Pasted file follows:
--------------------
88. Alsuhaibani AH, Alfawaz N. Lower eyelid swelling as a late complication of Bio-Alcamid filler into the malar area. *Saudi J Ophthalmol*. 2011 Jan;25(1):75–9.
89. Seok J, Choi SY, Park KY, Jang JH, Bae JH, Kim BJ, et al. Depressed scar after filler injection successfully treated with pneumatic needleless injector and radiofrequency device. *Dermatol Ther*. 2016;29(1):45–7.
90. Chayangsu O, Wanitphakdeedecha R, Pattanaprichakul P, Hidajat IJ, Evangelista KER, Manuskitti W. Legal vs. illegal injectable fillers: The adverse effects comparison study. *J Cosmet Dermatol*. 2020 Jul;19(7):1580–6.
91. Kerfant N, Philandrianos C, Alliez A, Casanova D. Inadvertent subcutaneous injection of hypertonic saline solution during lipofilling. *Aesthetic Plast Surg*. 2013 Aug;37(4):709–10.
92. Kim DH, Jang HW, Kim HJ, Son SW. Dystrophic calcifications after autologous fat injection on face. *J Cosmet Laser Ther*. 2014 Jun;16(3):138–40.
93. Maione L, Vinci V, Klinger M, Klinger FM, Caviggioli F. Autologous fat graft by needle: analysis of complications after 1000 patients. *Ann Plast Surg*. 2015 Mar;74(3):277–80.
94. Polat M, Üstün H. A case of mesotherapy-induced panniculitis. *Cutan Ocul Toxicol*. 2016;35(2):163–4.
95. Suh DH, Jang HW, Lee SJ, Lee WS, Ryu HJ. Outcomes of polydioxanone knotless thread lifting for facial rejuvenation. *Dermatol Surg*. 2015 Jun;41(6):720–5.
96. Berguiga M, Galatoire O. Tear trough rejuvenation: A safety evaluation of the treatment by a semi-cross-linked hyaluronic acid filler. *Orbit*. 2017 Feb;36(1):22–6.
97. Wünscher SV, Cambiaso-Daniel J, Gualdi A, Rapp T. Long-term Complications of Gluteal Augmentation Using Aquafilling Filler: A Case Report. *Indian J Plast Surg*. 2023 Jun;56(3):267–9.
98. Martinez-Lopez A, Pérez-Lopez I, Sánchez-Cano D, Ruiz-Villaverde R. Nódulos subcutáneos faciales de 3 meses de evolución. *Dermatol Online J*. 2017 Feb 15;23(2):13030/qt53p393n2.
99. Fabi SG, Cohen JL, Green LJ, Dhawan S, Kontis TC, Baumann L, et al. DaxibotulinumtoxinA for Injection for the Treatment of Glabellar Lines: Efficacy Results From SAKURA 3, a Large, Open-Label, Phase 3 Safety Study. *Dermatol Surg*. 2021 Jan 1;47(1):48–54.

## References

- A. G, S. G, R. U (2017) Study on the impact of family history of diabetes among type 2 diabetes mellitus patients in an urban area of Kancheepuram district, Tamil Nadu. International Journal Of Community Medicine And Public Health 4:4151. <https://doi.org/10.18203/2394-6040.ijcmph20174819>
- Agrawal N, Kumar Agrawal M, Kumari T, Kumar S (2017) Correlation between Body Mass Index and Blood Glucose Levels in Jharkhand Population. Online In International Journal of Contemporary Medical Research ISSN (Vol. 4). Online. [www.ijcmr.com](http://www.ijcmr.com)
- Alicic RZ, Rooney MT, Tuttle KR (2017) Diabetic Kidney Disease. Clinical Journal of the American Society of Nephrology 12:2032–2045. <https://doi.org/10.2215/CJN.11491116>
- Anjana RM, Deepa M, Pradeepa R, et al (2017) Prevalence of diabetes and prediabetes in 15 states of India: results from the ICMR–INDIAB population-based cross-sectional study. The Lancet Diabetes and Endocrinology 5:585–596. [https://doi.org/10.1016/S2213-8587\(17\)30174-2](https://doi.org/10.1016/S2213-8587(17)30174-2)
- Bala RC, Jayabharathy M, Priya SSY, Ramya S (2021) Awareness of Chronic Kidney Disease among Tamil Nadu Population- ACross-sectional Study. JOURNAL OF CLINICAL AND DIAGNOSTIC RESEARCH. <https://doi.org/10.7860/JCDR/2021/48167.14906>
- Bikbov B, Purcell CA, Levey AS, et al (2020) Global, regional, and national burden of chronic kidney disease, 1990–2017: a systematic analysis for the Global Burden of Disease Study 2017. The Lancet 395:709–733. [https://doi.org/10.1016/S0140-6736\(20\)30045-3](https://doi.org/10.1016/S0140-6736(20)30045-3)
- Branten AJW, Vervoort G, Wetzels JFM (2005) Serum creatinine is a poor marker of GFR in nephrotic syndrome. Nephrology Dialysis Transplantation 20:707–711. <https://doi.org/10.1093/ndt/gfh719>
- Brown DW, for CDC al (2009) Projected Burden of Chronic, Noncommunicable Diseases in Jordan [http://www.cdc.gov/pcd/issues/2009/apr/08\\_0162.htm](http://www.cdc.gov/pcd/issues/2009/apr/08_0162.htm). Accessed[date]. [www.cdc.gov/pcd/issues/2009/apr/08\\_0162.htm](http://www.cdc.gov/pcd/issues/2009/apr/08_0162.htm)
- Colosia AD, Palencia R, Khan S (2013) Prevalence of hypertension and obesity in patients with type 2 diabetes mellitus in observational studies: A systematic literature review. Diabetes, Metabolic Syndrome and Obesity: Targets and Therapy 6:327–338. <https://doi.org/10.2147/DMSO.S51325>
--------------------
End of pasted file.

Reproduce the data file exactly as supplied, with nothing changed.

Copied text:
88. Alsuhaibani AH, Alfawaz N. Lower eyelid swelling as a late complication of Bio-Alcamid filler into the malar area. *Saudi J Ophthalmol*. 2011 Jan;25(1):75–9.
89. Seok J, Choi SY, Park KY, Jang JH, Bae JH, Kim BJ, et al. Depressed scar after filler injection successfully treated with pneumatic needleless injector and radiofrequency device. *Dermatol Ther*. 2016;29(1):45–7.
90. Chayangsu O, Wanitphakdeedecha R, Pattanaprichakul P, Hidajat IJ, Evangelista KER, Manuskitti W. Legal vs. illegal injectable fillers: The adverse effects comparison study. *J Cosmet Dermatol*. 2020 Jul;19(7):1580–6.
91. Kerfant N, Philandrianos C, Alliez A, Casanova D. Inadvertent subcutaneous injection of hypertonic saline solution during lipofilling. *Aesthetic Plast Surg*. 2013 Aug;37(4):709–10.
92. Kim DH, Jang HW, Kim HJ, Son SW. Dystrophic calcifications after autologous fat injection on face. *J Cosmet Laser Ther*. 2014 Jun;16(3):138–40.
93. Maione L, Vinci V, Klinger M, Klinger FM, Caviggioli F. Autologous fat graft by needle: analysis of complications after 1000 patients. *Ann Plast Surg*. 2015 Mar;74(3):277–80.
94. Polat M, Üstün H. A case of mesotherapy-induced panniculitis. *Cutan Ocul Toxicol*. 2016;35(2):163–4.
95. Suh DH, Jang HW, Lee SJ, Lee WS, Ryu HJ. Outcomes of polydioxanone knotless thread lifting for facial rejuvenation. *Dermatol Surg*. 2015 Jun;41(6):720–5.
96. Berguiga M, Galatoire O. Tear trough rejuvenation: A safety evaluation of the treatment by a semi-cross-linked hyaluronic acid filler. *Orbit*. 2017 Feb;36(1):22–6.
97. Wünscher SV, Cambiaso-Daniel J, Gualdi A, Rapp T. Long-term Complications of Gluteal Augmentation Using Aquafilling Filler: A Case Report. *Indian J Plast Surg*. 2023 Jun;56(3):267–9.
98. Martinez-Lopez A, Pérez-Lopez I, Sánchez-Cano D, Ruiz-Villaverde R. Nódulos subcutáneos faciales de 3 meses de evolución. *Dermatol Online J*. 2017 Feb 15;23(2):13030/qt53p393n2.
99. Fabi SG, Cohen JL, Green LJ, Dhawan S, Kontis TC, Baumann L, et al. DaxibotulinumtoxinA for Injection for the Treatment of Glabellar Lines: Efficacy Results From SAKURA 3, a Large, Open-Label, Phase 3 Safety Study. *Dermatol Surg*. 2021 Jan 1;47(1):48–54.

## References

- A. G, S. G, R. U (2017) Study on the impact of family history of diabetes among type 2 diabetes mellitus patients in an urban area of Kancheepuram district, Tamil Nadu. International Journal Of Community Medicine And Public Health 4:4151. <https://doi.org/10.18203/2394-6040.ijcmph20174819>
- Agrawal N, Kumar Agrawal M, Kumari T, Kumar S (2017) Correlation between Body Mass Index and Blood Glucose Levels in Jharkhand Population. Online In International Journal of Contemporary Medical Research ISSN (Vol. 4). Online. [www.ijcmr.com](http://www.ijcmr.com)
- Alicic RZ, Rooney MT, Tuttle KR (2017) Diabetic Kidney Disease. Clinical Journal of the American Society of Nephrology 12:2032–2045. <https://doi.org/10.2215/CJN.11491116>
- Anjana RM, Deepa M, Pradeepa R, et al (2017) Prevalence of diabetes and prediabetes in 15 states of India: results from the ICMR–INDIAB population-based cross-sectional study. The Lancet Diabetes and Endocrinology 5:585–596. [https://doi.org/10.1016/S2213-8587\(17\)30174-2](https://doi.org/10.1016/S2213-8587(17)30174-2)
- Bala RC, Jayabharathy M, Priya SSY, Ramya S (2021) Awareness of Chronic Kidney Disease among Tamil Nadu Population- ACross-sectional Study. JOURNAL OF CLINICAL AND DIAGNOSTIC RESEARCH. <https://doi.org/10.7860/JCDR/2021/48167.14906>
- Bikbov B, Purcell CA, Levey AS, et al (2020) Global, regional, and national burden of chronic kidney disease, 1990–2017: a systematic analysis for the Global Burden of Disease Study 2017. The Lancet 395:709–733. [https://doi.org/10.1016/S0140-6736\(20\)30045-3](https://doi.org/10.1016/S0140-6736(20)30045-3)
- Branten AJW, Vervoort G, Wetzels JFM (2005) Serum creatinine is a poor marker of GFR in nephrotic syndrome. Nephrology Dialysis Transplantation 20:707–711. <https://doi.org/10.1093/ndt/gfh719>
- Brown DW, for CDC al (2009) Projected Burden of Chronic, Noncommunicable Diseases in Jordan [http://www.cdc.gov/pcd/issues/2009/apr/08\\_0162.htm](http://www.cdc.gov/pcd/issues/2009/apr/08_0162.htm). Accessed[date]. [www.cdc.gov/pcd/issues/2009/apr/08\\_0162.htm](http://www.cdc.gov/pcd/issues/2009/apr/08_0162.htm)
- Colosia AD, Palencia R, Khan S (2013) Prevalence of hypertension and obesity in patients with type 2 diabetes mellitus in observational studies: A systematic literature review. Diabetes, Metabolic Syndrome and Obesity: Targets and Therapy 6:327–338. <https://doi.org/10.2147/DMSO.S51325>